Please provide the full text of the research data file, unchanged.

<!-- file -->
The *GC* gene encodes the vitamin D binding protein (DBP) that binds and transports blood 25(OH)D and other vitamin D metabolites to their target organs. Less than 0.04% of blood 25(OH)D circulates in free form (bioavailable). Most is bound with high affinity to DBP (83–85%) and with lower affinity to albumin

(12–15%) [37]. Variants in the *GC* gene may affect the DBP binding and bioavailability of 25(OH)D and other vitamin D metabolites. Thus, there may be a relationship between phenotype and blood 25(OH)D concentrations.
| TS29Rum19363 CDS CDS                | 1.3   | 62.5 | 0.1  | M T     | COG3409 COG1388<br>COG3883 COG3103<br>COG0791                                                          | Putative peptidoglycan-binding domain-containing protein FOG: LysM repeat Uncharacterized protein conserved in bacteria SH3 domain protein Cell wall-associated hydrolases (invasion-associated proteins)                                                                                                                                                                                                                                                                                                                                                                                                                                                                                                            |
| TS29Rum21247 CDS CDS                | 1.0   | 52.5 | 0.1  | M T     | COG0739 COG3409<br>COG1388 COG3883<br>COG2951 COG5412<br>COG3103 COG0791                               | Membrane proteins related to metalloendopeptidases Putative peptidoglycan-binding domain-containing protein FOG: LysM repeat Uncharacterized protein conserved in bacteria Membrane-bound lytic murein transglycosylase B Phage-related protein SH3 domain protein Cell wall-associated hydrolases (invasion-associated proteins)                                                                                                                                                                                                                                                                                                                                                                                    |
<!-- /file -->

The *GC* gene encodes the vitamin D binding protein (DBP) that binds and transports blood 25(OH)D and other vitamin D metabolites to their target organs. Less than 0.04% of blood 25(OH)D circulates in free form (bioavailable). Most is bound with high affinity to DBP (83–85%) and with lower affinity to albumin

(12–15%) [37]. Variants in the *GC* gene may affect the DBP binding and bioavailability of 25(OH)D and other vitamin D metabolites. Thus, there may be a relationship between phenotype and blood 25(OH)D concentrations.
| TS29Rum19363 CDS CDS                | 1.3   | 62.5 | 0.1  | M T     | COG3409 COG1388<br>COG3883 COG3103<br>COG0791                                                          | Putative peptidoglycan-binding domain-containing protein FOG: LysM repeat Uncharacterized protein conserved in bacteria SH3 domain protein Cell wall-associated hydrolases (invasion-associated proteins)                                                                                                                                                                                                                                                                                                                                                                                                                                                                                                            |
| TS29Rum21247 CDS CDS                | 1.0   | 52.5 | 0.1  | M T     | COG0739 COG3409<br>COG1388 COG3883<br>COG2951 COG5412<br>COG3103 COG0791                               | Membrane proteins related to metalloendopeptidases Putative peptidoglycan-binding domain-containing protein FOG: LysM repeat Uncharacterized protein conserved in bacteria Membrane-bound lytic murein transglycosylase B Phage-related protein SH3 domain protein Cell wall-associated hydrolases (invasion-associated proteins)                                                                                                                                                                                                                                                                                                                                                                                    |